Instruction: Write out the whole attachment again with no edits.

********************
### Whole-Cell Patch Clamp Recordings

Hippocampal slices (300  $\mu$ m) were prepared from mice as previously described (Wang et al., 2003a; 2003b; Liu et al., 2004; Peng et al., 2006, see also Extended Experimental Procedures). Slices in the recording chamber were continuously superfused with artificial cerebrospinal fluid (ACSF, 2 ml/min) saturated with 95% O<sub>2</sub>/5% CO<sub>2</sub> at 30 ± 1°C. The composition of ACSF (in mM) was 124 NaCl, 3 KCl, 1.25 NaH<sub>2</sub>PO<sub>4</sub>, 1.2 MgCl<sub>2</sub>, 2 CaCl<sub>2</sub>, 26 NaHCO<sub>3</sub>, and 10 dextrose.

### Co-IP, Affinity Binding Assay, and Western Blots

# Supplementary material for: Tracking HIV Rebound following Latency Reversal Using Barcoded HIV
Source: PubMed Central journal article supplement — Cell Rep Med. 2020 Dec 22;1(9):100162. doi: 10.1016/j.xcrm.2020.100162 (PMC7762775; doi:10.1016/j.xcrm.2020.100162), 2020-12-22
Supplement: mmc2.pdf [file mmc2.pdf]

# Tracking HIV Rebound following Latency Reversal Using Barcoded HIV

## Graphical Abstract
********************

### Whole-Cell Patch Clamp Recordings

Hippocampal slices (300  $\mu$ m) were prepared from mice as previously described (Wang et al., 2003a; 2003b; Liu et al., 2004; Peng et al., 2006, see also Extended Experimental Procedures). Slices in the recording chamber were continuously superfused with artificial cerebrospinal fluid (ACSF, 2 ml/min) saturated with 95% O<sub>2</sub>/5% CO<sub>2</sub> at 30 ± 1°C. The composition of ACSF (in mM) was 124 NaCl, 3 KCl, 1.25 NaH<sub>2</sub>PO<sub>4</sub>, 1.2 MgCl<sub>2</sub>, 2 CaCl<sub>2</sub>, 26 NaHCO<sub>3</sub>, and 10 dextrose.

### Co-IP, Affinity Binding Assay, and Western Blots

# Supplementary material for: Tracking HIV Rebound following Latency Reversal Using Barcoded HIV
Source: PubMed Central journal article supplement — Cell Rep Med. 2020 Dec 22;1(9):100162. doi: 10.1016/j.xcrm.2020.100162 (PMC7762775; doi:10.1016/j.xcrm.2020.100162), 2020-12-22
Supplement: mmc2.pdf [file mmc2.pdf]

# Tracking HIV Rebound following Latency Reversal Using Barcoded HIV

## Graphical Abstract